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Wednesday, 18 October 2006


Jamie L. Studts, PhD, James Graham Brown Cancer Center, Louisville, KY, S. Denise Thomas, James Graham Brown Cancer Center, Louisville, KY, Andrew Scott LaJoie, PhD, MSPH, School of Public Health and Information Sciences, University of Louisville, Louisville, KY, Kelly M. McMasters, MD, PhD, University of Louisville School of Medicine, Louisville, KY, and Anees B. Chagpar, MD, University of Lousiville School of Medicine, Louisville, KY.

Purpose: Individuals recently diagnosed with cancer are commonly asked to make treatment decisions while experiencing acute distress and time pressure. Studying decision-making processes during this time will hopefully provide valuable information to facilitate effective decision-making in the future. However, conducting this research shortly following diagnosis raises significant concerns about the potential for adverse effects on participants. This study explored the psychological impact, safety, and potential benefit of a decision-making study conducted shortly after a breast cancer diagnosis. Method: Following informed consent procedures, women with a recent diagnosis of primary breast cancer were administered the Hospital Anxiety and Depression Scale (HADS). Participants next completed a vignette-based study of adjuvant chemotherapy treatment decisions, an extensive questionnaire battery, and utilities regarding potential chemotherapy effects. Participants were then re-administered the HADS (post-test) as well as individual survey items concerning their reactions to study participation. Results: Participants included 53 women with recently-diagnosed breast cancer. At baseline, only one individual exceeded exclusion criteria for distress and was not offered study participation. Of women who completed the study, 92% described participation as valuable and 78% indicated that it facilitated their decision-making about adjuvant chemotherapy. Additionally, 92% reported the experience was educational and 90% stated they would refer a friend to participate. Paired t-tests revealed that participants experienced a statistically significant decrease in anxiety following study participation (Baseline: M = 7.00 3.87 vs. Post: M = 5.98 4.48), t(49) = 3.42, p = .001. However, depressive symptoms at baseline (M = 3.06 2.71) were unchanged on the post-test (M = 3.34 3.59, t(49) = -1.19, p = .241). Using HADS clinical cut-off scores, analyses showed no significant changes in rates of clinical levels of anxiety and depression immediately following study participation. Conclusions: Overall, participants were not adversely impacted by participating in the decision-making study. In fact, women reported a significant decline in anxiety following participation, and the vast majority of women described participation as valuable, educational, and worth recommending to other women. While data suggest that decision-making research is likely safe and potentially beneficial shortly after breast cancer diagnosis, researchers are cautioned to monitor participants closely and train research assistants to recognize and seek appropriate professional assistance for psychological distress among participants.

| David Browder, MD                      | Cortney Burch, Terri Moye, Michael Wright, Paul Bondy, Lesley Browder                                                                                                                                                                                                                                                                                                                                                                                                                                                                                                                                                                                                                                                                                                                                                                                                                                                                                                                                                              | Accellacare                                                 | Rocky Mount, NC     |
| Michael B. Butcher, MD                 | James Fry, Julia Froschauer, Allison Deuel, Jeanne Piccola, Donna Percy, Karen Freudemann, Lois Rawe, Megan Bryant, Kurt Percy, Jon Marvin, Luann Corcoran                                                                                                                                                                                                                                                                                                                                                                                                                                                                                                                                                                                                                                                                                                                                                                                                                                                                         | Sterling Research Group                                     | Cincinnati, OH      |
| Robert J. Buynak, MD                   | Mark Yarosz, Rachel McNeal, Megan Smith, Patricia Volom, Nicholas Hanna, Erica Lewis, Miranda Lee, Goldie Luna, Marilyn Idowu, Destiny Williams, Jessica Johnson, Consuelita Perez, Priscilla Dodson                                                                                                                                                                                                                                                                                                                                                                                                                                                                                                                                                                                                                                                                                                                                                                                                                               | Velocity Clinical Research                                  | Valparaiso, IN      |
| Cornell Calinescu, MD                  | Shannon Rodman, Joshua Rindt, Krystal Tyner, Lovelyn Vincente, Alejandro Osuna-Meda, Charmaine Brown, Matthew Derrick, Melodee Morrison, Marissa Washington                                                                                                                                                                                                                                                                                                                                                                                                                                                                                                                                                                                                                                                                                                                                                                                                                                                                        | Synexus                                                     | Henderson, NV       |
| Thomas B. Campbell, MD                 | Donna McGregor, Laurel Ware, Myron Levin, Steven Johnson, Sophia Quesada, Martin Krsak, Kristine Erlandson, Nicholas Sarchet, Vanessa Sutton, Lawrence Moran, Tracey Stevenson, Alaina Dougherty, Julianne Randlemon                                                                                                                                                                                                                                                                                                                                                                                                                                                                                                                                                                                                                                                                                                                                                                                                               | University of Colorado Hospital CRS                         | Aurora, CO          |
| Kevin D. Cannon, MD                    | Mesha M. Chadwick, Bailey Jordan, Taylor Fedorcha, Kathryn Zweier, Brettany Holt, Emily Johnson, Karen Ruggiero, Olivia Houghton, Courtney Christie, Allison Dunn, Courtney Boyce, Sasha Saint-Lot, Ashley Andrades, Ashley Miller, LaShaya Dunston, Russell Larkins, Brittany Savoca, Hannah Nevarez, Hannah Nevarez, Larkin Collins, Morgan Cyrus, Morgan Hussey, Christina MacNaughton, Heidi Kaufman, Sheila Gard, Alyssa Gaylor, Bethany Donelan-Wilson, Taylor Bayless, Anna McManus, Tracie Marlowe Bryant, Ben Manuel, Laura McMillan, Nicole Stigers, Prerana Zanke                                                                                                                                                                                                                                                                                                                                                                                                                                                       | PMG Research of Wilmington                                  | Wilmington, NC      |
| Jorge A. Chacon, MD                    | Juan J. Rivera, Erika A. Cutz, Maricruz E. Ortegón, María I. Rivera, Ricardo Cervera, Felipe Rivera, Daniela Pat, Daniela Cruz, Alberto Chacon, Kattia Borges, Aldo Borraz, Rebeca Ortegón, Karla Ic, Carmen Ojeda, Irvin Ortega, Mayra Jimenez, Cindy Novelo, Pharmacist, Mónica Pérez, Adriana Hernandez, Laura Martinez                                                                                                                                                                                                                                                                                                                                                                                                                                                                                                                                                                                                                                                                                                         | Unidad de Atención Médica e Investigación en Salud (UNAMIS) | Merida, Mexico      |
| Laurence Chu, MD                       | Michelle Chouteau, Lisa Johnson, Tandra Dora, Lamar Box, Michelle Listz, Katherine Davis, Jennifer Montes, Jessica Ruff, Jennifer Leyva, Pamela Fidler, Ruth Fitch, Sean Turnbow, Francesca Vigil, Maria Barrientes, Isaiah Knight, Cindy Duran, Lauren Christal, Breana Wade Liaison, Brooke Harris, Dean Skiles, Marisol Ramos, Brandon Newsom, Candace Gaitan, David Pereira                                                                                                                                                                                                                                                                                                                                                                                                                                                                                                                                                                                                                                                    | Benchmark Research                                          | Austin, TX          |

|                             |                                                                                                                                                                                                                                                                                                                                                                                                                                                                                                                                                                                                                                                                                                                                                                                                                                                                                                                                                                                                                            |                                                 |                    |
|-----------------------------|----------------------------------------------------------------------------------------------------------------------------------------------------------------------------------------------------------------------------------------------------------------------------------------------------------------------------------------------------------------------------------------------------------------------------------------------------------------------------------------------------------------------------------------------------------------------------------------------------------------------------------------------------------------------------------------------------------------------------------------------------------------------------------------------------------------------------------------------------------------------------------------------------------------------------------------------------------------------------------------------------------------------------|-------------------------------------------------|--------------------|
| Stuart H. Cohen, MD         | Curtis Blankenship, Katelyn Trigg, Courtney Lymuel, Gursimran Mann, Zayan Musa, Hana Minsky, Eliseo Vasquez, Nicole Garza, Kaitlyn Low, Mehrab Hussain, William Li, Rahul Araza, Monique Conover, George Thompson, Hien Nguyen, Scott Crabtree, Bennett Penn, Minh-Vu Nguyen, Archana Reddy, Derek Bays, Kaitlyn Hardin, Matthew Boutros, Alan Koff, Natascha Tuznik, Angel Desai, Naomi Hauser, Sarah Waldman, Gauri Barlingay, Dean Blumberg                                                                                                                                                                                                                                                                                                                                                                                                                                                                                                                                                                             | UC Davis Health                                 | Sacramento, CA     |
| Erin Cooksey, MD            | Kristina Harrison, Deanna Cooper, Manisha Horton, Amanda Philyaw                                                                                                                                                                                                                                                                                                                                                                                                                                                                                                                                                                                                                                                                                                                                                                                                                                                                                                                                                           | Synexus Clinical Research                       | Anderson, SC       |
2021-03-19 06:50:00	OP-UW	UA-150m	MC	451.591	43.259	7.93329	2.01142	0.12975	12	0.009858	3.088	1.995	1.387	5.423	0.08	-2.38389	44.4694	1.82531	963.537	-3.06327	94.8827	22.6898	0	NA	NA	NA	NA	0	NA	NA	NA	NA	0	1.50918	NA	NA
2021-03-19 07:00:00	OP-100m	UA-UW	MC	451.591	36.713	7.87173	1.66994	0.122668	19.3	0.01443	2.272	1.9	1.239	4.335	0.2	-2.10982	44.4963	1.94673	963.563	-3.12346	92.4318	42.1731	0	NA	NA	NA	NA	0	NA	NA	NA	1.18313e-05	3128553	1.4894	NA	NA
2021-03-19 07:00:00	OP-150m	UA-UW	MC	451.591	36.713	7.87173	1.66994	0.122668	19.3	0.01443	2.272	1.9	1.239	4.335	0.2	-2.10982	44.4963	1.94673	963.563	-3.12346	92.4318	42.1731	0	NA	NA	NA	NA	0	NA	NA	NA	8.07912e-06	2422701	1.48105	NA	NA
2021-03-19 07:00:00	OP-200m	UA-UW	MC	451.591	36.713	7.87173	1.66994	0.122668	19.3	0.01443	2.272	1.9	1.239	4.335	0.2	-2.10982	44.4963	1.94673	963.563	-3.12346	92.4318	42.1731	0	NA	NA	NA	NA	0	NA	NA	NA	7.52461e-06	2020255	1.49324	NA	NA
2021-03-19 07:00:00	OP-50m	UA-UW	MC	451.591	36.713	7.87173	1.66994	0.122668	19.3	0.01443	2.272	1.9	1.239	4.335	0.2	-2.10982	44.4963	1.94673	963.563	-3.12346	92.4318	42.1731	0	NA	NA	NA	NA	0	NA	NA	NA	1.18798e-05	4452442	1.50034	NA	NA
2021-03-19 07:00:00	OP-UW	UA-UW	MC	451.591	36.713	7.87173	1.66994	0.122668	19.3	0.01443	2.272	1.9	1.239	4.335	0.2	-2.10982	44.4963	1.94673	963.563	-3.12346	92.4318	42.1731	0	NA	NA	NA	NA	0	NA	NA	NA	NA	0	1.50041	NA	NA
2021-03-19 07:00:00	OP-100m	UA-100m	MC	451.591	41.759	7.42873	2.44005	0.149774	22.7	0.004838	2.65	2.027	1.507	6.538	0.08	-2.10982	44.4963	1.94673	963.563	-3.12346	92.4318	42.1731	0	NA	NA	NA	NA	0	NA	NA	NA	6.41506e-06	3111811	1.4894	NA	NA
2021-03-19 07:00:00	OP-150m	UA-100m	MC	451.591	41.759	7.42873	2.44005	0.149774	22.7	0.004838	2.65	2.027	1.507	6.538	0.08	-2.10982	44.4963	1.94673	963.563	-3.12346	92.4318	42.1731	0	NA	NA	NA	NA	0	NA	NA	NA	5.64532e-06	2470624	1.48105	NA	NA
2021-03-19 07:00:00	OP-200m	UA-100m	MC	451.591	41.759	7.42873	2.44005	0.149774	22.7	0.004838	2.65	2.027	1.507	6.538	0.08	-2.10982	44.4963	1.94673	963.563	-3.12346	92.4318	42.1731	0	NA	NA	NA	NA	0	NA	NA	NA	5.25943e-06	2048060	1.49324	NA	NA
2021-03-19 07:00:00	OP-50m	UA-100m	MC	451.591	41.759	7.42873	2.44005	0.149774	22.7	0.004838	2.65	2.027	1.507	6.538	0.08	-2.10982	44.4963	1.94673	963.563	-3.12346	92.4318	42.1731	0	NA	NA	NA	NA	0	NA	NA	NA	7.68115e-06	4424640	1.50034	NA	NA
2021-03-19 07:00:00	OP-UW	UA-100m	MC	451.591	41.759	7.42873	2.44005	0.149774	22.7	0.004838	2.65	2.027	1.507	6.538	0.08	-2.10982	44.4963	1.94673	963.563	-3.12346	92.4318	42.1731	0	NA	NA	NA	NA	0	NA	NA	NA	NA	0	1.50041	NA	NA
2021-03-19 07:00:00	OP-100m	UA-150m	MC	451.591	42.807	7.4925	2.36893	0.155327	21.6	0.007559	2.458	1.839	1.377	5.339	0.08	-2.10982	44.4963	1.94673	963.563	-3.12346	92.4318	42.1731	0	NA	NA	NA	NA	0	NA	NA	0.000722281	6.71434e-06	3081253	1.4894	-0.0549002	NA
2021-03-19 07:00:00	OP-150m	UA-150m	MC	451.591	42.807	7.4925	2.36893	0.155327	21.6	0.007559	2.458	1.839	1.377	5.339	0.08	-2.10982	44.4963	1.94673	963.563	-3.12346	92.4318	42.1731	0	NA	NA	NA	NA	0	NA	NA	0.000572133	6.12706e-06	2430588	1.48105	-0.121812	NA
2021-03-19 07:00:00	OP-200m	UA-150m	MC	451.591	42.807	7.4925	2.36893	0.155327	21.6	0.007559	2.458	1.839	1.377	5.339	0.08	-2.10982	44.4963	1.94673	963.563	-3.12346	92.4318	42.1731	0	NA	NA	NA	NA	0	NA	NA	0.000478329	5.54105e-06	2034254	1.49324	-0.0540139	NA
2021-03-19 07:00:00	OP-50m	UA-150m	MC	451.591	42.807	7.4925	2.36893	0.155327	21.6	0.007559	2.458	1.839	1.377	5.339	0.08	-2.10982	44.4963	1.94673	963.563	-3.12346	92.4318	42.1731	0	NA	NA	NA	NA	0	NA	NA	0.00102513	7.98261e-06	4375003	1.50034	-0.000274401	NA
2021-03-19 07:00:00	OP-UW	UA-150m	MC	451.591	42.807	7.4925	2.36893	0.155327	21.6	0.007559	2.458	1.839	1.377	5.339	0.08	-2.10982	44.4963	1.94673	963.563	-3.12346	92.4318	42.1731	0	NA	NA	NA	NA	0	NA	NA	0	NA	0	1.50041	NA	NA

See more of Poster Session V
See more of The 28th Annual Meeting of the Society for Medical Decision Making (October 15-18, 2006)